Tourists going to Thailand have an impressive choice of amazing beaches and islands to chose from, Phuketwith its convenient connections through Abu Dhabi and Dubai, Ko Samui, Phi Phi, the drivable (from Bangkok) Pattaya.
The favourite visitor spot for the Thai people themselves is far from a beach and just as beautiful.
Sukhothai was heart of an empire from 1238 until 1438, the time of Thomas Aquinas and the building of Trim Castle.
Sukhothai was heart of an empire from 1238 until 1438, the time of Thomas Aquinas and the building of Trim Castle. It is not as famous as Nagkor Wat but equally beautiful.
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Even more beautiful that Sukhothei is Si Satchanalai. It is quieter, calmer and goes on for miles. The ancient temples are surrounded by forest, redolent of more famous ruins in adjoining countries.
It may be the most impressive of the deserted cities I have seen, ahead of Angkor Thom, Angkor Wat or even Fatehpur Sikri, doomed by their popularity in the tourist charts.
IN a recent pool by one of the Bangkok newspapers, the people of Thailand were asked to select their own favourite heritage attraction. A similar poll in Ireland picked Newgrange. They picked Si Satchanalai.
It says a lot.
Our guide Kanarat Nettip says that she prefers it to Sukothei which is “like a woman with too much makeup.”
Kanarat Nettip and Ekkorn Suwannetr tell us the story of the fall from glory that is Si Satchanalai.
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It is not something I imagined I would ever do. I am used to travelling in style and style doesn’t come with bigger horns that the water buffalo called Sam. Sitting astride a water buffalo is not on many bucket lists but this is part of a farm visit to Dr Prasert’s Organic Agriculture Project.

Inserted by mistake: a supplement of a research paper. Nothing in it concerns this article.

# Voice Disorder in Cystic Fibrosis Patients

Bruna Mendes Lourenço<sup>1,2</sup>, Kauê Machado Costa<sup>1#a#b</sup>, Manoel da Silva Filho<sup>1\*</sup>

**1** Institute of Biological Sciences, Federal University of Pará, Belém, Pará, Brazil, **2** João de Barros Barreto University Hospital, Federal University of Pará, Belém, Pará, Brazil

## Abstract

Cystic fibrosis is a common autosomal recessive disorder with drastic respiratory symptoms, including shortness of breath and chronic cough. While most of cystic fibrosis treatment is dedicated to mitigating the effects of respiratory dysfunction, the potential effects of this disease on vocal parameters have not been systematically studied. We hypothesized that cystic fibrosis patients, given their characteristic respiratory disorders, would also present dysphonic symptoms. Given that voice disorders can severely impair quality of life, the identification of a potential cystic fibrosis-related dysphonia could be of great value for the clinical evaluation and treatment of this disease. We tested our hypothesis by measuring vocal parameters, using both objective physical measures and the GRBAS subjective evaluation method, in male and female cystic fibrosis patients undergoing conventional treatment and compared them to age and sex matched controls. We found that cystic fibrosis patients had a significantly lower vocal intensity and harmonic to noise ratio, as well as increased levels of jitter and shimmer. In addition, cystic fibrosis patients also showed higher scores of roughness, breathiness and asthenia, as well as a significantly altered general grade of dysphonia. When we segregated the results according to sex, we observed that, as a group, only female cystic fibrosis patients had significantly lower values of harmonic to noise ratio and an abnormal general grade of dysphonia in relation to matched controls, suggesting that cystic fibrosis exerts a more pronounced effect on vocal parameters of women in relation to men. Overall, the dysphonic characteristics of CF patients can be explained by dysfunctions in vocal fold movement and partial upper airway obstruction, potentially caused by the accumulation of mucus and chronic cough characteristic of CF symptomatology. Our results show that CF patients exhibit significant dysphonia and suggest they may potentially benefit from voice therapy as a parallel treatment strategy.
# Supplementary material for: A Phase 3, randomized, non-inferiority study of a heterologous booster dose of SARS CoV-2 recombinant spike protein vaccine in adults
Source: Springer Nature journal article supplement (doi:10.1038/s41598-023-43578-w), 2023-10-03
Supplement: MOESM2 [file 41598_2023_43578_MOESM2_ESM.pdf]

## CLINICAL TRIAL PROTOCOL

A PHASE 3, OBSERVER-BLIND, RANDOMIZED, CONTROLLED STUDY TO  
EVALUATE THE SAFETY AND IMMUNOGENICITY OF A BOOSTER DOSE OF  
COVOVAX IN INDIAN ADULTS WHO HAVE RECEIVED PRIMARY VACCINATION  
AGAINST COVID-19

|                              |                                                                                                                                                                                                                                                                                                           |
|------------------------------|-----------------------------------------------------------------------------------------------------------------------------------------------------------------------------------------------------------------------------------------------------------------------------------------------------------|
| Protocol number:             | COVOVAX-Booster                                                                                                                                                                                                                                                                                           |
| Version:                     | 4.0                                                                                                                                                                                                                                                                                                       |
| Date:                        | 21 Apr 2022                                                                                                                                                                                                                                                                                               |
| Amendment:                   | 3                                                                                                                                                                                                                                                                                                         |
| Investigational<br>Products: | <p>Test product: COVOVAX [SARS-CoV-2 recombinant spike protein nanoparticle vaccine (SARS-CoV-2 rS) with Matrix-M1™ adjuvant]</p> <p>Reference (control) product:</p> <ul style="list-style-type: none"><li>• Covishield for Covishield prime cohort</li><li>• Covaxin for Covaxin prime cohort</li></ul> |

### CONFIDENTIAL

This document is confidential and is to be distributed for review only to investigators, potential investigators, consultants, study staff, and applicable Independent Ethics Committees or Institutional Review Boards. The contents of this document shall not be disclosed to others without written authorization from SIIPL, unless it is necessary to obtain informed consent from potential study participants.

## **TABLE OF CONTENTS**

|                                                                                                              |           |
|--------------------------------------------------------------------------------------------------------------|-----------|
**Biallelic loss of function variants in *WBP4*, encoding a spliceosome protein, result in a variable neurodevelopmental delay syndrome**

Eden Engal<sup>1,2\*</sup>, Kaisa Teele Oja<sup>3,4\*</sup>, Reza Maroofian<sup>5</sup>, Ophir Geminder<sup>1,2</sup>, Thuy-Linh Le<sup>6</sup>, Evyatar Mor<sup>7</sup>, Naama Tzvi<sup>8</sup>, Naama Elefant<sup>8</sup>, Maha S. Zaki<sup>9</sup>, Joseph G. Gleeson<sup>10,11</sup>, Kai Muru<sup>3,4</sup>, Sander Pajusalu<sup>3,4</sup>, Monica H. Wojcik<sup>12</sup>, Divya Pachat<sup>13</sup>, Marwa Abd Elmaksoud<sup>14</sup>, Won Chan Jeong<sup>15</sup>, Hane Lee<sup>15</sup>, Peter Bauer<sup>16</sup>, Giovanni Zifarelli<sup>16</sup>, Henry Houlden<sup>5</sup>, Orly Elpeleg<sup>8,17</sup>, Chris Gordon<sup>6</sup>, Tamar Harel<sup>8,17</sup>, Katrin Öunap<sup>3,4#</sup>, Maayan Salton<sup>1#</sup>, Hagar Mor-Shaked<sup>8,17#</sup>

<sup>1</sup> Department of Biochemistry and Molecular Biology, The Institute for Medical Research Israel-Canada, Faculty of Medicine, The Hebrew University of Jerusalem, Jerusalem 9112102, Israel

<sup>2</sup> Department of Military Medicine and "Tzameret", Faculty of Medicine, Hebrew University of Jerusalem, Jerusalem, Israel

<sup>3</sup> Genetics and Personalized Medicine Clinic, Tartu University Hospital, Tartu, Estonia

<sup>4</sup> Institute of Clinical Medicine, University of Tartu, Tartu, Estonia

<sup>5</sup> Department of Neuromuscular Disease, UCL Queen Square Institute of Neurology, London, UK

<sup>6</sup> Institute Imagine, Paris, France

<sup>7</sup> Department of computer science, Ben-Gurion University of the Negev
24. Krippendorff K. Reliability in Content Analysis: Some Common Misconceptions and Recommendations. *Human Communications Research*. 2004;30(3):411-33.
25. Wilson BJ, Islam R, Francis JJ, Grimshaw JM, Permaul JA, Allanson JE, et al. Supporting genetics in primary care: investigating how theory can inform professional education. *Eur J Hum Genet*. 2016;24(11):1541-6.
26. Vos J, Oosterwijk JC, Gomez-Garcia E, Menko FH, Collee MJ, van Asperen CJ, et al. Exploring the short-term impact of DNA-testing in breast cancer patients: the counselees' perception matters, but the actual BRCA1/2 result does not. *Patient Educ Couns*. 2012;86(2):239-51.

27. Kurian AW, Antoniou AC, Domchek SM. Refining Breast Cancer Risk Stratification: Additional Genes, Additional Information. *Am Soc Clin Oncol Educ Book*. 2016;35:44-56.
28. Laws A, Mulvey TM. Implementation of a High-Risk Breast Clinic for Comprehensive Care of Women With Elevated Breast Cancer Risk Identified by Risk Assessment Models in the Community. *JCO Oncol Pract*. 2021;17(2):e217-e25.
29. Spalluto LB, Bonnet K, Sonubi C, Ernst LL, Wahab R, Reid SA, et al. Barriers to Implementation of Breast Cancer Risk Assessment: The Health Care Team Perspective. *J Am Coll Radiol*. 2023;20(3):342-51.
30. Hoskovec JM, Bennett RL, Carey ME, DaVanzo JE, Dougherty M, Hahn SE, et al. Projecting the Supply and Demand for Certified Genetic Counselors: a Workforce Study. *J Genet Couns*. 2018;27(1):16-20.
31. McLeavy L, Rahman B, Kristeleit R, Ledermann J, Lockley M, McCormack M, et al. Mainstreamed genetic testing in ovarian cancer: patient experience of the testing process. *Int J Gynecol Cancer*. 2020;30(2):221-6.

It comes straight from the menu of experiential tourism that everyone is promoting nowadays. The farm visit by a group of tour operators and myself is more of a hindrance than a help to the productivity of Thailand, but tourists love it and keep coming back for more.
A Paddy abroad, as a 1970s English comedian might put it, my merciless taskmasters set me to planting rice in the paddy fields. I lasted all of, maybe, twelve minutes.
My rice planting was disastrous. South East Asia would starve if they were relying on my rice.
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Back in Bangkok Juthaporn Rerngronasa Deputy Director of the Tourism Authority of Thailand had told us about the change of image that Thailand tourism is seeking, they are sending out the message that they are a “a holiday destination for families. It is a lot of challenge for our government.”
She outlined the country’s emphasis on green, golf, wedding and honeymoon and health and wellness to grow further its market share from Ireland.
Green is good. It is astonishing how green the country is as you flight north from to Suvarnabhumi, airport to the picture postcard airport that serves the region.
The ruins are an hour’s flight north of Bangkok and offer an intriguing glimpse into South East Asia’s grandeur before the Europeans came. The perspiration rolls off us we cycle.
Humidity hangs heavy in the air. The pool in the Sukhothei Heritage Hotel is tepid, like a warm bath, even early in the morning.
The rooms are villa like, built around a succession of courtyard pools. The architecture borrows heavily from the local traditions as well as western hospitality convention.
We swim in that enclosed pool a thunderstorm, lightning flashing like a laser show around us. That swim was an experience not easily forgotten.
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It has a magnificent salt water pool on the eighth floor, and a poolside Italian restaurant where we breakfast on kai jiew khun chai.
Chic and stunning, the W Hotel is Bangkok’s latest opening. They have a 24-hour pool and a throbbing lobby bar with a DJ.
When our genial host Wi drops us to Suvarnabhumi, airport to check in on flight EY401 to connect with EY045. The journey is 5 hours 37 minutes Bangkok to Abu Dhabi and 6 hours 19 minutes from Abu Dhabi to Dublin with a very pleasant two hour stopover in the business lounge.
Somebody in the west of Ireland once said Thailand would be a great place if it was closer.
It is getting closer every day.
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Eoghan Corry flew to Bangkok with Etihad who fly ten times weekly from Dublin to Abu Dhabi with onward connections to Bangkok and Phuket as well as 88 other destinations worldwide. See www.etihad.com/en-ie or your local travel agent.
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